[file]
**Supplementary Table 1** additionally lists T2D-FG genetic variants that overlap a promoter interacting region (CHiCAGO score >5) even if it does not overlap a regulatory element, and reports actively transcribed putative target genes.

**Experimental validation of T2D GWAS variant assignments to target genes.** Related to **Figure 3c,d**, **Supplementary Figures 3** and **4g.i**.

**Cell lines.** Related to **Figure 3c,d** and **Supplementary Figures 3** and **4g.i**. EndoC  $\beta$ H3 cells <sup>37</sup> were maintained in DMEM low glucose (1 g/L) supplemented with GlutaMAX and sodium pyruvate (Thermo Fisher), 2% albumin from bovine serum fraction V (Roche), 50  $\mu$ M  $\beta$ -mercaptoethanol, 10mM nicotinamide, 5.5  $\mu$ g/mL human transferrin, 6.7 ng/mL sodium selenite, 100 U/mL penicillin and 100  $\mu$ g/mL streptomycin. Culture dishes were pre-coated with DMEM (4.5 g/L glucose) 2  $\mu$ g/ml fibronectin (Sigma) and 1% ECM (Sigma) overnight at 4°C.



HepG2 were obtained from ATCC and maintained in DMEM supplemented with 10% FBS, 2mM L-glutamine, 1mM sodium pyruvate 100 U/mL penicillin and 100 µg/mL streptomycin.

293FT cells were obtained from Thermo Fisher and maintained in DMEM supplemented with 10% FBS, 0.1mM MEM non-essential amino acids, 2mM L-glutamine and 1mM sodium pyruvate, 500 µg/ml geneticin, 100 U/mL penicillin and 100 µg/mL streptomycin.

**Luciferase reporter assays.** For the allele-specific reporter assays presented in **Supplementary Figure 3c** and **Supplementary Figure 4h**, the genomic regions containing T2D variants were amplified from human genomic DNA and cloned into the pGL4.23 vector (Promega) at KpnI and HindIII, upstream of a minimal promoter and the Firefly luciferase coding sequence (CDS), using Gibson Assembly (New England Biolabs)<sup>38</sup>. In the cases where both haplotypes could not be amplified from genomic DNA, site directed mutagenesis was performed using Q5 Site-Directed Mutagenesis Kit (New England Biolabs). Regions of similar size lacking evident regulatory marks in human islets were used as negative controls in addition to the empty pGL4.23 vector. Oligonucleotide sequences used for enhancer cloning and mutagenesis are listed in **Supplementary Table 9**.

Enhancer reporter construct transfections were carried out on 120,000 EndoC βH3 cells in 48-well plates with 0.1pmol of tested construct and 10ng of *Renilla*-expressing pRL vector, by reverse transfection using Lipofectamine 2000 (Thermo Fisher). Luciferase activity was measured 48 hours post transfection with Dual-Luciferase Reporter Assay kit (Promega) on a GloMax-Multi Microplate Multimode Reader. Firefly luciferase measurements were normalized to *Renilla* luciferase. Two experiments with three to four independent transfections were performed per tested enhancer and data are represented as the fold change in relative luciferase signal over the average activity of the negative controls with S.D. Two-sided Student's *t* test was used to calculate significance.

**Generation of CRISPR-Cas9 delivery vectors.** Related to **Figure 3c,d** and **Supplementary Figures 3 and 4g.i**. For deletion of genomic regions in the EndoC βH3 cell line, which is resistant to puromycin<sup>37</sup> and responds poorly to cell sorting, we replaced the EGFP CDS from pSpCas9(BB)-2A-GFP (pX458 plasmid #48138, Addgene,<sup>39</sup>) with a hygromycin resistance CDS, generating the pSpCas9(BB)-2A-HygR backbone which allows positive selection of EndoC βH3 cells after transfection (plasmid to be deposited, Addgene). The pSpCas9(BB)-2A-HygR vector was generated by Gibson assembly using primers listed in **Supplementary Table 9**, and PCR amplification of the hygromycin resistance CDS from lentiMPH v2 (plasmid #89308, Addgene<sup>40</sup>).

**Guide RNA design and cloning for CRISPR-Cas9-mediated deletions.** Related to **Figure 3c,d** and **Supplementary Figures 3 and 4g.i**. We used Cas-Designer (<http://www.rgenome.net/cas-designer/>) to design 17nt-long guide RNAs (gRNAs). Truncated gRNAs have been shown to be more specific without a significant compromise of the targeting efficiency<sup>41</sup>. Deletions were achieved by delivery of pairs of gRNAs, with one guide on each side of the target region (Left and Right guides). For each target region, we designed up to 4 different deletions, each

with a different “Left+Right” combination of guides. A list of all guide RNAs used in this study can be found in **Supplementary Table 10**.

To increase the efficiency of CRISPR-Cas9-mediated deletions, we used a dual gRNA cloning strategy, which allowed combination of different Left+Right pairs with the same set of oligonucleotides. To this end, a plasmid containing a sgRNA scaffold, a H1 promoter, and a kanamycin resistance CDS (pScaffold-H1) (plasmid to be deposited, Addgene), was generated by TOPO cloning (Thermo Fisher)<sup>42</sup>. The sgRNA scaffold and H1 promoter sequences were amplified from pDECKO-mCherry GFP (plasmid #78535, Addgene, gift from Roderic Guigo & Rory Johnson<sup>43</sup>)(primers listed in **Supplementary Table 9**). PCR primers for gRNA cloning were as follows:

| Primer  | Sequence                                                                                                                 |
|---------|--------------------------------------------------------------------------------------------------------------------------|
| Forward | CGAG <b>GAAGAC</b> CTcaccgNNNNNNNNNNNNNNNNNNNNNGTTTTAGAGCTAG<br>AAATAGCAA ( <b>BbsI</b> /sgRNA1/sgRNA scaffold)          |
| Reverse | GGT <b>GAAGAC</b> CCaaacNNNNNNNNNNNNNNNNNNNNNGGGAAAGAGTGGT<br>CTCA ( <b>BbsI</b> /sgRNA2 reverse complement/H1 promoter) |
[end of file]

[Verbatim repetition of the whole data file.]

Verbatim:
**Supplementary Table 1** additionally lists T2D-FG genetic variants that overlap a promoter interacting region (CHiCAGO score >5) even if it does not overlap a regulatory element, and reports actively transcribed putative target genes.

**Experimental validation of T2D GWAS variant assignments to target genes.** Related to **Figure 3c,d**, **Supplementary Figures 3** and **4g.i**.

**Cell lines.** Related to **Figure 3c,d** and **Supplementary Figures 3** and **4g.i**. EndoC  $\beta$ H3 cells <sup>37</sup> were maintained in DMEM low glucose (1 g/L) supplemented with GlutaMAX and sodium pyruvate (Thermo Fisher), 2% albumin from bovine serum fraction V (Roche), 50  $\mu$ M  $\beta$ -mercaptoethanol, 10mM nicotinamide, 5.5  $\mu$ g/mL human transferrin, 6.7 ng/mL sodium selenite, 100 U/mL penicillin and 100  $\mu$ g/mL streptomycin. Culture dishes were pre-coated with DMEM (4.5 g/L glucose) 2  $\mu$ g/ml fibronectin (Sigma) and 1% ECM (Sigma) overnight at 4°C.



HepG2 were obtained from ATCC and maintained in DMEM supplemented with 10% FBS, 2mM L-glutamine, 1mM sodium pyruvate 100 U/mL penicillin and 100 µg/mL streptomycin.

293FT cells were obtained from Thermo Fisher and maintained in DMEM supplemented with 10% FBS, 0.1mM MEM non-essential amino acids, 2mM L-glutamine and 1mM sodium pyruvate, 500 µg/ml geneticin, 100 U/mL penicillin and 100 µg/mL streptomycin.

**Luciferase reporter assays.** For the allele-specific reporter assays presented in **Supplementary Figure 3c** and **Supplementary Figure 4h**, the genomic regions containing T2D variants were amplified from human genomic DNA and cloned into the pGL4.23 vector (Promega) at KpnI and HindIII, upstream of a minimal promoter and the Firefly luciferase coding sequence (CDS), using Gibson Assembly (New England Biolabs)<sup>38</sup>. In the cases where both haplotypes could not be amplified from genomic DNA, site directed mutagenesis was performed using Q5 Site-Directed Mutagenesis Kit (New England Biolabs). Regions of similar size lacking evident regulatory marks in human islets were used as negative controls in addition to the empty pGL4.23 vector. Oligonucleotide sequences used for enhancer cloning and mutagenesis are listed in **Supplementary Table 9**.

Enhancer reporter construct transfections were carried out on 120,000 EndoC βH3 cells in 48-well plates with 0.1pmol of tested construct and 10ng of *Renilla*-expressing pRL vector, by reverse transfection using Lipofectamine 2000 (Thermo Fisher). Luciferase activity was measured 48 hours post transfection with Dual-Luciferase Reporter Assay kit (Promega) on a GloMax-Multi Microplate Multimode Reader. Firefly luciferase measurements were normalized to *Renilla* luciferase. Two experiments with three to four independent transfections were performed per tested enhancer and data are represented as the fold change in relative luciferase signal over the average activity of the negative controls with S.D. Two-sided Student's *t* test was used to calculate significance.

**Generation of CRISPR-Cas9 delivery vectors.** Related to **Figure 3c,d** and **Supplementary Figures 3 and 4g.i**. For deletion of genomic regions in the EndoC βH3 cell line, which is resistant to puromycin<sup>37</sup> and responds poorly to cell sorting, we replaced the EGFP CDS from pSpCas9(BB)-2A-GFP (pX458 plasmid #48138, Addgene,<sup>39</sup>) with a hygromycin resistance CDS, generating the pSpCas9(BB)-2A-HygR backbone which allows positive selection of EndoC βH3 cells after transfection (plasmid to be deposited, Addgene). The pSpCas9(BB)-2A-HygR vector was generated by Gibson assembly using primers listed in **Supplementary Table 9**, and PCR amplification of the hygromycin resistance CDS from lentiMPH v2 (plasmid #89308, Addgene<sup>40</sup>).

**Guide RNA design and cloning for CRISPR-Cas9-mediated deletions.** Related to **Figure 3c,d** and **Supplementary Figures 3 and 4g.i**. We used Cas-Designer (<http://www.rgenome.net/cas-designer/>) to design 17nt-long guide RNAs (gRNAs). Truncated gRNAs have been shown to be more specific without a significant compromise of the targeting efficiency<sup>41</sup>. Deletions were achieved by delivery of pairs of gRNAs, with one guide on each side of the target region (Left and Right guides). For each target region, we designed up to 4 different deletions, each

with a different “Left+Right” combination of guides. A list of all guide RNAs used in this study can be found in **Supplementary Table 10**.

To increase the efficiency of CRISPR-Cas9-mediated deletions, we used a dual gRNA cloning strategy, which allowed combination of different Left+Right pairs with the same set of oligonucleotides. To this end, a plasmid containing a sgRNA scaffold, a H1 promoter, and a kanamycin resistance CDS (pScaffold-H1) (plasmid to be deposited, Addgene), was generated by TOPO cloning (Thermo Fisher)<sup>42</sup>. The sgRNA scaffold and H1 promoter sequences were amplified from pDECKO-mCherry GFP (plasmid #78535, Addgene, gift from Roderic Guigo & Rory Johnson<sup>43</sup>)(primers listed in **Supplementary Table 9**). PCR primers for gRNA cloning were as follows:

| Primer  | Sequence                                                                                                                 |
|---------|--------------------------------------------------------------------------------------------------------------------------|
| Forward | CGAG <b>GAAGAC</b> CTcaccgNNNNNNNNNNNNNNNNNNNNNGTTTTAGAGCTAG<br>AAATAGCAA ( <b>BbsI</b> /sgRNA1/sgRNA scaffold)          |
| Reverse | GGT <b>GAAGAC</b> CCaaacNNNNNNNNNNNNNNNNNNNNNGGGAAAGAGTGGT<br>CTCA ( <b>BbsI</b> /sgRNA2 reverse complement/H1 promoter) |